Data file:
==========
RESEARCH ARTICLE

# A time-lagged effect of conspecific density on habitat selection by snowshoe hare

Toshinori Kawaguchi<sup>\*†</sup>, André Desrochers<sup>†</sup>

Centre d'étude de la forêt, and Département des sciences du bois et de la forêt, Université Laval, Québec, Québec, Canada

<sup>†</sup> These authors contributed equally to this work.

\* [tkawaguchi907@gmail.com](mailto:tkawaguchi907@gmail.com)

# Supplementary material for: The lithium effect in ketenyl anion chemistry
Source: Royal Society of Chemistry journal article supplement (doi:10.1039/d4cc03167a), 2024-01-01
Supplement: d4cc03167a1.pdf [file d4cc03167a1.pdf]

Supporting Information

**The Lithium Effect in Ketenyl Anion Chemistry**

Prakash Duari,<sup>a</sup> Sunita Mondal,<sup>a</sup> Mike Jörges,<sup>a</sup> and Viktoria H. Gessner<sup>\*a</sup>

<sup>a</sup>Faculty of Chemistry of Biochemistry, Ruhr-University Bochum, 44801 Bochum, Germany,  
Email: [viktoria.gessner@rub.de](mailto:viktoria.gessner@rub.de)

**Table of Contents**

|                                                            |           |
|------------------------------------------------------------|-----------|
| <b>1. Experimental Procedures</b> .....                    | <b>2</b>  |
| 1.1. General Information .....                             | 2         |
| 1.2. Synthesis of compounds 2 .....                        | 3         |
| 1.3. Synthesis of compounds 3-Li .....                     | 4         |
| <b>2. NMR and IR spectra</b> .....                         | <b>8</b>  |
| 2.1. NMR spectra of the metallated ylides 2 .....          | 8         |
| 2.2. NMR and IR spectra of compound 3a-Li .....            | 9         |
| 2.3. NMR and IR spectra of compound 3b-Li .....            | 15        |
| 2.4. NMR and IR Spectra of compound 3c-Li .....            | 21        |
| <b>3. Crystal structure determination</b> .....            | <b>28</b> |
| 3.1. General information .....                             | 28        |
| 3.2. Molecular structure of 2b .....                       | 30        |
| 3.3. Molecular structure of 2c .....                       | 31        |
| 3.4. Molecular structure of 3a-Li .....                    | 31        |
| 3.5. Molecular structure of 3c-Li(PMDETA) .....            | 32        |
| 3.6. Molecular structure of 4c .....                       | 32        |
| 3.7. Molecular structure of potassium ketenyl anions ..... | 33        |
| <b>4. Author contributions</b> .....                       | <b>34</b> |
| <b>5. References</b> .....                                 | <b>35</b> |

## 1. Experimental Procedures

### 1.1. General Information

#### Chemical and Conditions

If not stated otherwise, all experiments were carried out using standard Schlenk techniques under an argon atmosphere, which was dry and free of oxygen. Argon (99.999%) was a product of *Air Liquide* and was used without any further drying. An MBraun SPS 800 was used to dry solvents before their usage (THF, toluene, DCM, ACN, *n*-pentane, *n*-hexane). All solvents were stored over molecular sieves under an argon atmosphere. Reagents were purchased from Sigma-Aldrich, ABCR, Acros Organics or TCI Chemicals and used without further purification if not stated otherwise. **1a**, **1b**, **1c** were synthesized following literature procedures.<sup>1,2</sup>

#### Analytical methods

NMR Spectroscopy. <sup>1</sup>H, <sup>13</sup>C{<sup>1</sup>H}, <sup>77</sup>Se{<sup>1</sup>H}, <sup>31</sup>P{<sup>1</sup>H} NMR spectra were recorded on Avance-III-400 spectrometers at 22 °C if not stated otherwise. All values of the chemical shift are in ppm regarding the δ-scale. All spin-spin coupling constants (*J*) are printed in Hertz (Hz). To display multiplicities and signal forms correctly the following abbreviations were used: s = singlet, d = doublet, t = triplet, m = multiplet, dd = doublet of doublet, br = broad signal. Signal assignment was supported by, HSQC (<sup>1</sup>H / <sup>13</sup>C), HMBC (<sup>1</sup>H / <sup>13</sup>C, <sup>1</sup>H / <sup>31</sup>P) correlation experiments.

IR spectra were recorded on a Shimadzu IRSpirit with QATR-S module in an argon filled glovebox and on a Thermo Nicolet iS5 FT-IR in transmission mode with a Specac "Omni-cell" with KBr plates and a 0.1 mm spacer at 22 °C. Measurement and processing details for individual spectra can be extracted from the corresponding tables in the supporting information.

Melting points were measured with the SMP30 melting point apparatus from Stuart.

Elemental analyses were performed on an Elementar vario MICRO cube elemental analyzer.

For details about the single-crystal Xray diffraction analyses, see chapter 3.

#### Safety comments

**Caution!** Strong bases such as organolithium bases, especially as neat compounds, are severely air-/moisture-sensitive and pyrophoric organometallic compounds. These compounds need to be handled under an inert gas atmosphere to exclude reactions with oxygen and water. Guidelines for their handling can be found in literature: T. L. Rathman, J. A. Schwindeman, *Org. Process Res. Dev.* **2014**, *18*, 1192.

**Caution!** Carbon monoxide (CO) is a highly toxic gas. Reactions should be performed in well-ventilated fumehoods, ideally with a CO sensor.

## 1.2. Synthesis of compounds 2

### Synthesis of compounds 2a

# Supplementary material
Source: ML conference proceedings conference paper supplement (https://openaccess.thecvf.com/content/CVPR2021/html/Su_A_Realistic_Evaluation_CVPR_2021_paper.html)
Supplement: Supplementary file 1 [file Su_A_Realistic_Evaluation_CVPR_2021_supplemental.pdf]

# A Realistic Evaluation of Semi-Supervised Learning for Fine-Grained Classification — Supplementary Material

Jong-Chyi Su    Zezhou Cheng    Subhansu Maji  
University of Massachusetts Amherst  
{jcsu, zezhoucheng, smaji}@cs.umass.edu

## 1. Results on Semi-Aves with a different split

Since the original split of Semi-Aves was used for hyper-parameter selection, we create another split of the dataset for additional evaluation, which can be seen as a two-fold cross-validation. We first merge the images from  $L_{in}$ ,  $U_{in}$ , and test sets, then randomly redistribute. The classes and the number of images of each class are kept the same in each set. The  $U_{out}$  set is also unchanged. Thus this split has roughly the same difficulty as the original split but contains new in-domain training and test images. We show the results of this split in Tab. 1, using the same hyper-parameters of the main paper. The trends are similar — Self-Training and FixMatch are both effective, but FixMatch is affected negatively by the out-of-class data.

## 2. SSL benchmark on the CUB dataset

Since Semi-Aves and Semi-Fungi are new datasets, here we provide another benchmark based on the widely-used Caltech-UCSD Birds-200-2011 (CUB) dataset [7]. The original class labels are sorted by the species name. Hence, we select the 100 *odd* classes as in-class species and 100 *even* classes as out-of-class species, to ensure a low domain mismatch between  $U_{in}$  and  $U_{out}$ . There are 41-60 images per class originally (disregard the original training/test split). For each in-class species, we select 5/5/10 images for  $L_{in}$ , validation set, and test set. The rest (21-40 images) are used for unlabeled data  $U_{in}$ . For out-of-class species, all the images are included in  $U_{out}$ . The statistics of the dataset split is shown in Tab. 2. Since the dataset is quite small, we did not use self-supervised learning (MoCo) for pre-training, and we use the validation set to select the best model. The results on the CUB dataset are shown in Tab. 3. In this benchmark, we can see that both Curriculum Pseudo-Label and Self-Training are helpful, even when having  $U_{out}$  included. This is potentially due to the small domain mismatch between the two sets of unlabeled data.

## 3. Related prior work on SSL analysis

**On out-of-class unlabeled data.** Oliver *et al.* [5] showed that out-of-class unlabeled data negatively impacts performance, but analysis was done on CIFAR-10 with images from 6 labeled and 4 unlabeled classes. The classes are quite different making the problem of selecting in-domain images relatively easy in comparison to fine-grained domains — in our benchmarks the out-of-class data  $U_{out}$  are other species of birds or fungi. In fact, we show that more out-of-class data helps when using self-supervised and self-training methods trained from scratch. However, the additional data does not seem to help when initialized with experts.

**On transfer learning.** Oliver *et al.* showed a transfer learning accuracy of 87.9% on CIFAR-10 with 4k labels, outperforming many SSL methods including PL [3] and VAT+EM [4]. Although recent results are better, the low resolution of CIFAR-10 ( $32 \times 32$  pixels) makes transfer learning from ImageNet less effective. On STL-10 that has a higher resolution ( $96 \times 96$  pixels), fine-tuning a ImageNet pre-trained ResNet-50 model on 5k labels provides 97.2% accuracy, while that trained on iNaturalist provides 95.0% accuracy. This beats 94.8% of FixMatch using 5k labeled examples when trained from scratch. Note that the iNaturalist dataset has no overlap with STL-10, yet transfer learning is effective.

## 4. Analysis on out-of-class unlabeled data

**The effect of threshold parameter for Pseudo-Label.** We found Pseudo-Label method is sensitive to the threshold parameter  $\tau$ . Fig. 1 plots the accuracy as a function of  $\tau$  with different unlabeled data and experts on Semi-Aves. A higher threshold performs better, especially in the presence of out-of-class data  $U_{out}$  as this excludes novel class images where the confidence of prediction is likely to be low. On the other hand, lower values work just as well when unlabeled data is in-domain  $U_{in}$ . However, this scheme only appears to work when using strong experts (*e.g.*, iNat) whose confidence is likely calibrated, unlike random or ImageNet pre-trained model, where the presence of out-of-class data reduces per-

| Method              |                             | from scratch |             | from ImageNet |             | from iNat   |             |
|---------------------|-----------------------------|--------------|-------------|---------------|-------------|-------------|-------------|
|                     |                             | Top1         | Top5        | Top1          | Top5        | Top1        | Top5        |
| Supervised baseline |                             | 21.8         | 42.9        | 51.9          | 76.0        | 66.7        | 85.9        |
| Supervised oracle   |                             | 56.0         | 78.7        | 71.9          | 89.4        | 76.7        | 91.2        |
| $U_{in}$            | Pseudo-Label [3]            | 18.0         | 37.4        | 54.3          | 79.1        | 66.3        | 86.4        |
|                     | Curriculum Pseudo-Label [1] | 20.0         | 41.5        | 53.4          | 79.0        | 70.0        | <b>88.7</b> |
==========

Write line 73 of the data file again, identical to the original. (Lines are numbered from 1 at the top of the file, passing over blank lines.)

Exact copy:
| $U_{in}$            | Pseudo-Label [3]            | 18.0         | 37.4        | 54.3          | 79.1        | 66.3        | 86.4        |